"Vertical City" at the 2017 Chicago Architecture Biennial
Edward Keegan "Vertical City" at the 2017 Chicago Architecture Biennial

Chicago cultural commissioner Mark Kelly is responsible for dozens of events throughout the city every month, and his office is within the century-old Chicago Cultural Center that provides the base for the Chicago Architecture Biennial. “Imagine inviting 140 architects into your home,” Kelly said as he introduced artistic directors Sharon Johnston, FAIA, and Mark Lee to the press at this year’s opening festivities. “It's frightening.”

But not TOO frightening. That’s because there are some very big differences from the 2015 edition.

First, it’s far more coherent. The previous theme, “The State of the Art of Architecture” provided no real framework through which to view the projects. This time, thematically related projects are grouped together. The overarching theme of “Make New History” has been broken down into four discrete sub-themes: Building Histories, Material Histories, Image Histories, and Civic Histories.

Second, Johnston and Lee have been able to tease more out of the Chicago Cultural Center’s neo-classical 1897 building, which was constructed following the World’s Columbian Exposition as the city’s main library. They had the experience of seeing the first go-round and knowing what did and didn’t work, and what opportunities were available in the vast array of century-old spaces.

"Vertical City" at the 2017 Chicago Architecture Biennial, with Tatiana Bilbao Estudio's (Not) Another Tower at left.
Bruce Damonte "Vertical City" at the 2017 Chicago Architecture Biennial, with Tatiana Bilbao Estudio's (Not) Another Tower at left.

The best place to see how both these improvements work is in the fourth floor Sidney R. Yates Gallery, where the 17 towering models of "Vertical City" provide a contemporary take on the 1922 Chicago Tribune Tower Competition. This same space housed some excellent work last time, but didn’t take advantage of the room’s soaring height. Johnston and Lee have made the most of their experience, and the biennial is better for it.

Finally, some of the most striking work, like "Vertical City," is a bit less pedantic and somewhat more accessible to the general public. With more than half a million visitors in 2015, you can be sure that most of them aren’t particularly interested in the dense text found in the biennial’s wall text.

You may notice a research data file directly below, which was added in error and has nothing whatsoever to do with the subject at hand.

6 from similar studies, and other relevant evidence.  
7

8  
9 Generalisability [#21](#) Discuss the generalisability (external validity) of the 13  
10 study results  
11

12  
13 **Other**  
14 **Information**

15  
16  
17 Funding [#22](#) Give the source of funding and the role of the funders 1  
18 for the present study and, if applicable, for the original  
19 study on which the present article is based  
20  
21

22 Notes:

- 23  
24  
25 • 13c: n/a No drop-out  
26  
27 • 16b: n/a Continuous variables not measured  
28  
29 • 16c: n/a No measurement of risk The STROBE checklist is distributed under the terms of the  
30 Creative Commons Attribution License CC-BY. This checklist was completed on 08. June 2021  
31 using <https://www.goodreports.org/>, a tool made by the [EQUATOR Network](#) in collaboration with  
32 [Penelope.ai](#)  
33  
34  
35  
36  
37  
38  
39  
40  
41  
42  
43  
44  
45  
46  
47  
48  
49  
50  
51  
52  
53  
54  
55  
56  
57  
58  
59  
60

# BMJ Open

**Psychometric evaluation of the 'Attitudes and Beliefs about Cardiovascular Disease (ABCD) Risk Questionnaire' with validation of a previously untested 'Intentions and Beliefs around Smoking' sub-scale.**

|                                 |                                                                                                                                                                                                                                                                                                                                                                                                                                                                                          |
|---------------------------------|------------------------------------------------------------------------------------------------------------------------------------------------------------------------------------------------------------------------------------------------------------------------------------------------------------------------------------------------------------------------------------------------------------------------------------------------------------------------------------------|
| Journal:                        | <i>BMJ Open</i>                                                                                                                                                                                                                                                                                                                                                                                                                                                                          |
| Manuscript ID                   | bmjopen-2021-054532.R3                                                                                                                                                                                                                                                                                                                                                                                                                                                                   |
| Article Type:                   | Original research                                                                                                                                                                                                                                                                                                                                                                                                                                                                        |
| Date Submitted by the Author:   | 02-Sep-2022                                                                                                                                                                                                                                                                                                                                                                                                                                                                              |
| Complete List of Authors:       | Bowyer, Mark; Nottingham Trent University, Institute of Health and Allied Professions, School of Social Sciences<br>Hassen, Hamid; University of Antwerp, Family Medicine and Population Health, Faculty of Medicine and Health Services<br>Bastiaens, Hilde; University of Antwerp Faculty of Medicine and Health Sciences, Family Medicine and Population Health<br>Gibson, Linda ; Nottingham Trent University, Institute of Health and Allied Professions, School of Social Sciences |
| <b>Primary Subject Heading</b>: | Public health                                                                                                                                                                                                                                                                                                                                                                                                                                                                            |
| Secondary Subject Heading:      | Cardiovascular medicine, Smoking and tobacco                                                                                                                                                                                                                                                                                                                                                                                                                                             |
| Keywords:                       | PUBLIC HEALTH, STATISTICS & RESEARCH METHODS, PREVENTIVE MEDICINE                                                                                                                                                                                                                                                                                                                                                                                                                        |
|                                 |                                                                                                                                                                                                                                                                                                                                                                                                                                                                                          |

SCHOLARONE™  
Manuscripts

There’s still plenty of dense text to be found, but there’s a more accessible level of visual language—and even a fair amount of fun—that most viewers will “get” on some level. Whether even the most sophisticated lay person will understand how many of the offerings might help bring better design to their city, neighborhood, or home is another matter. But one step at a time.

Make Big Plans by Rotterdam-based Monadnock at the 2017 Chicago Architecture Biennial.
Edward Keegan Make Big Plans by Rotterdam-based Monadnock at the 2017 Chicago Architecture Biennial.

One of the most accessible proposals is also the biggest missed opportunity. Monadnock’s billboard interpretation of Daniel Burnham’s great bromides for architects and planners should have been implemented in a real, rather than aspirational, way, presented atop the Cultural Center’s block long rooftop overlooking Millennium Park. Twenty-foot high letters calling Chicago to “Make Big Plans” would be a proper rendering of Robert Venturi, FAIA’s “I am a monument.” The fact that they could top a true cultural mecca, rather than the original blank big box, would be a bonus.

Adolf Loos provides the foil for several entries: his entry to the original Chicago Tribune Tower competition is featured in "Vertical City," with additional riffs on his other work by Bureau Spectacular’s Another Raumplan and Karamuk * Kuo’s Infinitely Intimate.

But I’d like to suggest that it’s important to consider history from the perspective of, well, history. The history that’s on display at the Chicago Architecture Biennial may be real, but it’s awfully shortsighted.

While the 1970s postmodernists weren’t particularly good at sustaining their curiosity, at least they explored most of (western) architectural history. Today’s cognoscenti don’t seem to have much, if any, interest in architectural endeavors prior to the 20th century. They favor “new” over “history” in their proposals—and that unfettered devotion to novelty seems destined to devolve into the same sort of short-lived notions that made our last romp through Postmodernism mostly unproductive.

Perhaps it’s time for the next round of artistic directors to look further back in history than a 2009 slogan from Ed Ruscha. Perhaps it’s time to reconsider Vitruvius through a 21st century lens: Make thoughtful, useful, and durable things.

That’s new history that could last longer than next January.